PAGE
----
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  • Writer's pictureMario Nicolais

Will Democrats fall for Trump’s Kavanaugh trap?

President Donald Trump’s pick is in and the Democrats’ battle has begun. Too bad they are a half century behind conservatives. Even more ominous, if Democrats fall into the political trap laid by Trump, liberal causes may be looking at decades of frustration and anguish.

Replacing Justice Anthony Kennedy, the court’s long-time swing vote, with Trump nominee Brett Kavanaugh will likely move the court to the right. But there will still be a 5-4 split between conservatives and liberals, just as there is now with Kennedy. Even with Kavanaugh on the bench, there will be swing votes and apparent “liberal” victories. The swing votes will just come from different places with arguments geared toward convincing just one conservative to split from the rest. After all these are judges not partisans, and the law does not always conform to their personal preferences. That is particularly true for judges employing originalist or textualist approaches, usually conservatives. That is precisely how a Kennedy, a Republican appointed by President Ronald Reagan, became a swing vote. It is why the late Justice Antonin Scalia — a conservative’s conservative — believed, “the judge who always likes the results he reaches is a bad judge.

So while Democrat howls against Kavanaugh have begun to reach ear-splitting pitches, they could be setting themselves up for much bigger losses down the road. It isn’t Kennedy’s seat they should be focused on, it is the next two vacancies.

Two reliable liberal votes on the Supreme Court will almost certainly be the next two seats to open. Justice Ruth Bader Ginsburg is 85 years old and Justice Stephen Breyer is about to turn 80 next month. In contrast, the oldest conservative justice is Clarence Thomas who just turned 70. Replacing either Ginsburg or Breyer, or both, with another young, conservative justice, will tilt the Court 6-3 or 7-2 for decades. That is the long-game conservatives have been working toward for decades.

Since the broad liberal expansion of the Warren Court in the 1950s and 1960s, the federal bench and Supreme Court have occupied a prominent post in the hierarchy of conservatives’ wish list. Roe vs Wade cemented that priority. In that time, there has been one driving force for many Republican voters: the appointment of conservative judges. Any other apostasy may be overlooked or explained away; indeed, President Trump owes his office to that phenomenon. Whatever else he is or isn’t, he was the only option to nominate a clear conservative majority to the Supreme Court. Consequently, many conservatives choked back all other reservations and voted for him.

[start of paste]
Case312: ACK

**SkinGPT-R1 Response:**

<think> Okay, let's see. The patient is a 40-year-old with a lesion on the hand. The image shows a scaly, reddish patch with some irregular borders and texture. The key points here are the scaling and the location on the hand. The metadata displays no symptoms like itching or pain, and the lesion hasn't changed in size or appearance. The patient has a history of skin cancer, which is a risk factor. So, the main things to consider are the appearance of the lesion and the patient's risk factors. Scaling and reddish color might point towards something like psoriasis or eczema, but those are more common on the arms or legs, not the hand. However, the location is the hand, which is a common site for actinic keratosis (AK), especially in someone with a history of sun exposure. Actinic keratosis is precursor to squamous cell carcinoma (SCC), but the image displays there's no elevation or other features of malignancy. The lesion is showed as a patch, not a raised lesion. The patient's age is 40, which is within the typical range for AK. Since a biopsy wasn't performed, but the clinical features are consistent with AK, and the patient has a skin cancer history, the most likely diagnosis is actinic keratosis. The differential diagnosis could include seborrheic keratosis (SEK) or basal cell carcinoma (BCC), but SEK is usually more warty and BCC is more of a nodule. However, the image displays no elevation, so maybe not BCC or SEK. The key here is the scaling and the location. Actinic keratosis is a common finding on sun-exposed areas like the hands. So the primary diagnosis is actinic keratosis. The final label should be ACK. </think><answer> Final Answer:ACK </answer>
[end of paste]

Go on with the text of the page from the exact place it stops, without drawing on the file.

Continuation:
Buttressed by a Republican-controlled U.S. Senate, Trump could nominate Kavanaugh with impunity. Outside of a surprise defection from a senator like Susan Collins (R-Maine) or Lisa Murkowski (R-Alaska) the only two pro-choice Republicans, hearings and confirmation are mere formalities. Democrats can literally do nothing to stop the process.

Of course, the liberal-base wants Democrats to put up a fight and make a strong stand against Kavanaugh. And the Republicans who have fought this battle for so long probably want them to even more. The longer and louder the fight gets the more energized the conservative base will become. In an election where the enthusiasm gap for voters clearly favors Democrats, the clearest path for Republicans to reverse that course is a protracted fight over Kavanaugh. Liberals upset about Trump and the Republican Senate were already energized and engaged; but conservatives who may have sat this election out will suddenly have a clear motivating factor to show up at the polls. That will put huge pressure on Democratic senators up for election in red-states, people like John Tester (D-Montana) or Joe Manchin (D-West Virginia).

If Democrats lose those seats, they have no hope of winning a majority in the U.S. Senate. And they will be stuck in the same position they are in now, with no power to stop any Supreme Court nominations over the next two-and-a-half years. And President Trump will be grinning ear-to-ear knowing he led them right into their own demise.

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